Glamorgan v Gloucestershire
Specsavers County Championship -
Venue: The SSe Swalec Stadium
Gloucestershire completed the double over Glamorgan in the County Championship with 10.2 overs of the day remaining. Glamorgan were again let down by their batting with their batsmen lacking technique, application and for the fourth successive innings failed to bat for more than 65 overs.
Gloucestershire added a further 16 runs before they were dismissed for 363 in their first innings, a lead of 143 with David Payne(67no) achieving his career best score, and Michael Hogan, after taking the last two wickets, returning creditable figures of 25.1-6-36-5.
Only once in the last 12 innings have Glamorgan’s openers shared a fifty run partnership, and they were again in trouble when Owen Morgan was bowled by Josh Shaw in the sixth over, and he was quickly followed four balls later, when Nick Selman was caught by wicketkeeper Mustard off Payne.
David Lloyd, who has been short of runs recently, again failed when he wafted at a ball outside the off stump, but Aneurin Donald, after scoring four, had the distinction of becoming the youngest Glamorgan player to score 1000 runs in a season. Donald and Bragg put on 45 for the fourth wicket, but Donald became Jack Taylor’s first victim when he edged an arm ball to slip, before Kieran Carlson collected a pair when he became Mustard’s third victim behind the stumps.
Graham Wagg soon made his intentions clear by driving Taylor’s off spin for successive sixes, but the bowler got his revenge when he bowled Wagg for a breezy 21. Apart from Bragg, who scored with 52 that included six boundaries, there was little resistance from Glamorgan’s batsmen until Mark Wallace and stand in captain Hogan put on 58 for the final wicket.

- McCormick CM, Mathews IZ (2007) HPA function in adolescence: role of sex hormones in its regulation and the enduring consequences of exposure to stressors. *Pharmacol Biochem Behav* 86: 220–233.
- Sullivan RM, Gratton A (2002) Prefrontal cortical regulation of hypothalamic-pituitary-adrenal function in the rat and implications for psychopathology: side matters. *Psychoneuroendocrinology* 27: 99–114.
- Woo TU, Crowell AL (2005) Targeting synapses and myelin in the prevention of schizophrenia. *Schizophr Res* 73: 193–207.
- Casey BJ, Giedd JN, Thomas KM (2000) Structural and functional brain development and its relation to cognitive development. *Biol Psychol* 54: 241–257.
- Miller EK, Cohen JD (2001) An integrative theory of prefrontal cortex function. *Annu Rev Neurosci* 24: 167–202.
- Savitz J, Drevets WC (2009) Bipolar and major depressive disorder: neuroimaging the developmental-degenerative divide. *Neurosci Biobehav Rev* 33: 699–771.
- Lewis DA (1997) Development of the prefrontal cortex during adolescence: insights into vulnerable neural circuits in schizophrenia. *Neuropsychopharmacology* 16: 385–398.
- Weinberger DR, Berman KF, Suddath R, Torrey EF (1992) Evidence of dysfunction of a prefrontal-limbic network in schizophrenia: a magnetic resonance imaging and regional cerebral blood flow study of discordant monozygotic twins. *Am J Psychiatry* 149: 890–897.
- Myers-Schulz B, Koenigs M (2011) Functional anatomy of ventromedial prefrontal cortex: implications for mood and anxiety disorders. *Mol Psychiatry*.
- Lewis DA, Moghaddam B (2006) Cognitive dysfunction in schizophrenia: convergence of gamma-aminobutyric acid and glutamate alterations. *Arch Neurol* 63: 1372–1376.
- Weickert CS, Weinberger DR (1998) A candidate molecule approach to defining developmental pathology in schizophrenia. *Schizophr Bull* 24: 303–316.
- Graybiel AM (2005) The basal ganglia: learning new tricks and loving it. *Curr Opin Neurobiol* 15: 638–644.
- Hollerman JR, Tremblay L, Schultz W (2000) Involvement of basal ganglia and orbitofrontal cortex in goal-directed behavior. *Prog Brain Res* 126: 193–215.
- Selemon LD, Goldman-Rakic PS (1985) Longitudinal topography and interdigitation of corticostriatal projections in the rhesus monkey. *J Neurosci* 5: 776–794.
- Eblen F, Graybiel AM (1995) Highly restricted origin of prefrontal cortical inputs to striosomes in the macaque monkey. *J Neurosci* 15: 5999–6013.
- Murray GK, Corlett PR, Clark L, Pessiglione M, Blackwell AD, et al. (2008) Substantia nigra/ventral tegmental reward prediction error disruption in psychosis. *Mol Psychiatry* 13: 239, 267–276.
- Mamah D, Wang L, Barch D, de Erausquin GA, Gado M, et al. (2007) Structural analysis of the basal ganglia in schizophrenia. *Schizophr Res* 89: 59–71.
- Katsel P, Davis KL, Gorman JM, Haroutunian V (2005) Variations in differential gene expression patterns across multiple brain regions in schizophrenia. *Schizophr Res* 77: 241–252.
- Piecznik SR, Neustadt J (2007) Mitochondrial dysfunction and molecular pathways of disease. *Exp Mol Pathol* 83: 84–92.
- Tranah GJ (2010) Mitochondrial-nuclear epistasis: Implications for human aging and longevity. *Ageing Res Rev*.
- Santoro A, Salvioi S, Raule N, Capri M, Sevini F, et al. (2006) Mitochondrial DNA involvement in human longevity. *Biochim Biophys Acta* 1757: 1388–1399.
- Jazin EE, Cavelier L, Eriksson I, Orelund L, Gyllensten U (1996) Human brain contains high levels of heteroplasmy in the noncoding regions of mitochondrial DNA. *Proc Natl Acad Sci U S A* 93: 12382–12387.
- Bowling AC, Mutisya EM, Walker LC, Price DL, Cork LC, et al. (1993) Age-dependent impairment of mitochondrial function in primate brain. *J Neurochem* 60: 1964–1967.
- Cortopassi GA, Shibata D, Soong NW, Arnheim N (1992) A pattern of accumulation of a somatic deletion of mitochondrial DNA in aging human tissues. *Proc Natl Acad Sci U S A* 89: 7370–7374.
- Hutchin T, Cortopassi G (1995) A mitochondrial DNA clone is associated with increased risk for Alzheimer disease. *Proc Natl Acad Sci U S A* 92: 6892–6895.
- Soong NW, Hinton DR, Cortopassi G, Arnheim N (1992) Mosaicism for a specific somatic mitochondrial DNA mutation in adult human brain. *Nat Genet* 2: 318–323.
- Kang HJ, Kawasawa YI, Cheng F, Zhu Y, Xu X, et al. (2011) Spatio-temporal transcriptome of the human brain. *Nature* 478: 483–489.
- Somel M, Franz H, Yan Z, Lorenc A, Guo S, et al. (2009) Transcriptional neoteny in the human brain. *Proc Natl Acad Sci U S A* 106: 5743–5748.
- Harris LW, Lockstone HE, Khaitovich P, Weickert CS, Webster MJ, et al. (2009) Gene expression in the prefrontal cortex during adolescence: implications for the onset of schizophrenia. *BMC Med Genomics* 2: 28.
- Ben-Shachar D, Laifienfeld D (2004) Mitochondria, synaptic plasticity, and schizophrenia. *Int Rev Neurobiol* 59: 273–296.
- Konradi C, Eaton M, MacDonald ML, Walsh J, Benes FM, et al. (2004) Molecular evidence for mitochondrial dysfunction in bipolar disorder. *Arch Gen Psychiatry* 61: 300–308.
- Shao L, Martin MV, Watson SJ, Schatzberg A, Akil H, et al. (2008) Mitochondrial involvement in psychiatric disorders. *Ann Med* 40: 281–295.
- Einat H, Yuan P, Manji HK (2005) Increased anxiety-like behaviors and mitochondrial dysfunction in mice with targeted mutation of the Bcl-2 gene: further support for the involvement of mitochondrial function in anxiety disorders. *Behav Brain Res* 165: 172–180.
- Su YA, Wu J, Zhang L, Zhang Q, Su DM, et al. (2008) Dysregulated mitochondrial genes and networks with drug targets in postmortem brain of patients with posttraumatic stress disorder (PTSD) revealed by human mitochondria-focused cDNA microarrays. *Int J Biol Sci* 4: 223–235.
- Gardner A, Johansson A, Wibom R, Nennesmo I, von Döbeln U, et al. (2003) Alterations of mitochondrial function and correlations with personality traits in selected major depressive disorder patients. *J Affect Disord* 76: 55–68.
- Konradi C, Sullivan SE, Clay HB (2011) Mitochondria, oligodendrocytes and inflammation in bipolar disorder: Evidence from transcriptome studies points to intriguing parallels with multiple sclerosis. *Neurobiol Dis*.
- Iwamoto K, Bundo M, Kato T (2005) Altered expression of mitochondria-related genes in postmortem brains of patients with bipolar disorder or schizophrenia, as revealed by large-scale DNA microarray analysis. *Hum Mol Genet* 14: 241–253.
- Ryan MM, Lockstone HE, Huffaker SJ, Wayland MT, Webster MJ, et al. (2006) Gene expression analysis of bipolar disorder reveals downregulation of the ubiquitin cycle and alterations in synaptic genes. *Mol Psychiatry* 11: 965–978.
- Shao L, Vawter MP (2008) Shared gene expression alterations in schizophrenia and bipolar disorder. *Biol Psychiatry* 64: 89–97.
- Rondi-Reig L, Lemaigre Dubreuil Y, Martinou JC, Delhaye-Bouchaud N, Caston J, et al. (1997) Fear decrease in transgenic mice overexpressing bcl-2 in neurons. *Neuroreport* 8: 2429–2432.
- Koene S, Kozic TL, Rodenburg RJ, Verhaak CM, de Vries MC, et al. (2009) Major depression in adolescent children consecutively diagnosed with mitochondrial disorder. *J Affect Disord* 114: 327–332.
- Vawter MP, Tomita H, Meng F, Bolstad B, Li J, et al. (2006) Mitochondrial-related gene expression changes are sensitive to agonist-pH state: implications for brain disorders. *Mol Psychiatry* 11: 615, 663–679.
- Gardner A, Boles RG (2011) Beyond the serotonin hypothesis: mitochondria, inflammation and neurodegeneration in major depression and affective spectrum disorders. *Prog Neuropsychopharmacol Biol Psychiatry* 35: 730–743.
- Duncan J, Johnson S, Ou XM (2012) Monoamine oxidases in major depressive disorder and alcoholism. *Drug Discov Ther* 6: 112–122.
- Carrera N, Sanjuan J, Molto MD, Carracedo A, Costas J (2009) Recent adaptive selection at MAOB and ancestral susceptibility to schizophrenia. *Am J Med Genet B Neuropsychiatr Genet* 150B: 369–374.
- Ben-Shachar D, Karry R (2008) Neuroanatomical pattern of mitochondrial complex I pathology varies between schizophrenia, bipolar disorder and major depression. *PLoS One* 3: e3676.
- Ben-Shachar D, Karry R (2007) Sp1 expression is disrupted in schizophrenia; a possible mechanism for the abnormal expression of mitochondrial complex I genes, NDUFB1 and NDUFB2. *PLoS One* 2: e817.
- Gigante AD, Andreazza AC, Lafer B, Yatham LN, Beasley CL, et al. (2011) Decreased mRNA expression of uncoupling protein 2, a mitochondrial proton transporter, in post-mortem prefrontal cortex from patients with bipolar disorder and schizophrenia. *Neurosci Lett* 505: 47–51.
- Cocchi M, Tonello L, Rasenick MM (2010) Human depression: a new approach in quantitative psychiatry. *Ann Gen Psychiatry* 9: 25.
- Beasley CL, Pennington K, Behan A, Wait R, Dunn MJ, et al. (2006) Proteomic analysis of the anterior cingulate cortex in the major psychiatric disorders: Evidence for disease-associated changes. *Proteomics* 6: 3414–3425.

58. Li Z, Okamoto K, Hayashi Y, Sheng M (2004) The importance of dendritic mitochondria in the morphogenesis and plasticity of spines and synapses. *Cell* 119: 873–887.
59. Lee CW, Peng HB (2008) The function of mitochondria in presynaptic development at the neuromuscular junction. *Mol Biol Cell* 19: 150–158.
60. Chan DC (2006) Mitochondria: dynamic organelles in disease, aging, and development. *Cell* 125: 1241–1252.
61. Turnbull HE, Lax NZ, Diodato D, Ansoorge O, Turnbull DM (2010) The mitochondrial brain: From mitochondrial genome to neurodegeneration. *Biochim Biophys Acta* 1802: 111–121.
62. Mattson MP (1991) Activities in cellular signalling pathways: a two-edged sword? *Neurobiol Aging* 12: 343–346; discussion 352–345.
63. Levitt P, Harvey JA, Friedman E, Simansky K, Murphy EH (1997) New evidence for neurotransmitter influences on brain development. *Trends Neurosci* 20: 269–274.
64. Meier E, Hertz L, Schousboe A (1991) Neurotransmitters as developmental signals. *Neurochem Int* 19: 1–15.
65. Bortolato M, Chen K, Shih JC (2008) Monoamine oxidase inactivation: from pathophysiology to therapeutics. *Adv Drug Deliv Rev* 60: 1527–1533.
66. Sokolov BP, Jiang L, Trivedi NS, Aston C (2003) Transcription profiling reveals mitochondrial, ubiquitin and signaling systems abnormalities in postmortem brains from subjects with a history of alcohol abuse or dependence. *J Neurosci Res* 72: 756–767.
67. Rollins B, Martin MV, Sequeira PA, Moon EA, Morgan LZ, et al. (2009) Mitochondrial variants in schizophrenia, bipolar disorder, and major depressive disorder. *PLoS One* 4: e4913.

Needing to score 90 to win, Chris Dent and Gareth Roderick made a cautious start before Dent drove Wagg, who had reverted to left arm spin, over long on for six, and Roderick struck Carlson for three overs in his first over. They then hurried along at four runs an over, with Roderick reaching fifty from 56 balls with the captain hitting the winning runs in the twentieth over.
Richard Dawson the Gloucestershire coach said after his team’s 10 wicket win that ”a lot of people contributed to the win, especially David Payne and Hamish Marshall. Payne led the attack in both innings, while his 67 not out enabled us to get 143 run lead on first innings”. Dawson was also pleased on how they kept putting pressure on the opposition” we kept it up for three days and after being 35 for three in the first innings, it was a great effort to score 363. After losing the T20 quarter final, it was a great confidence booster to come back and play so well in the last two championship games.”
Hamish Marshall’s fourth championship century of the season – his 22nd for his county- and an unbeaten 58 from David Payne has enabled Gloucestershire to gain a lead of 127, with their score on 347 for 8 .
With the ninth wicket pair of Payne and Josh Shaw having already shared an unbroken partnership of 56 for the ninth wicket, Glamorgan have much to do if they are to avoid losing their seventh championship game of a disappointing season.
Marshall returns to New Zealand at the end of the season after spending eleven years in the West Country, and his innings from 189 balls – although he did give a difficult chance to wicketkeeper Mark Wallace on 40- rescued Gloucestershire after they had earlier slumped to 38 for 3. He also found a staunch ally in George Hankins, the 19 yr old England Under19 batsman who stayed with Marshall for 47 overs to share an impressive partnership of 120 for the fourth wicket.
Resuming at their overnight score of 62 for 3, Marshall and Hankins batted throughout the morning session, and were not separated until 20 minutes after lunch when Hankins feathered a catch to the wicketkeeper off Graham Wagg. Hankins was at the crease for three and a quarter hours for 43, striking just five boundaries, but he was the perfect foil for Marshall, and with more experience at county level he will only prosper.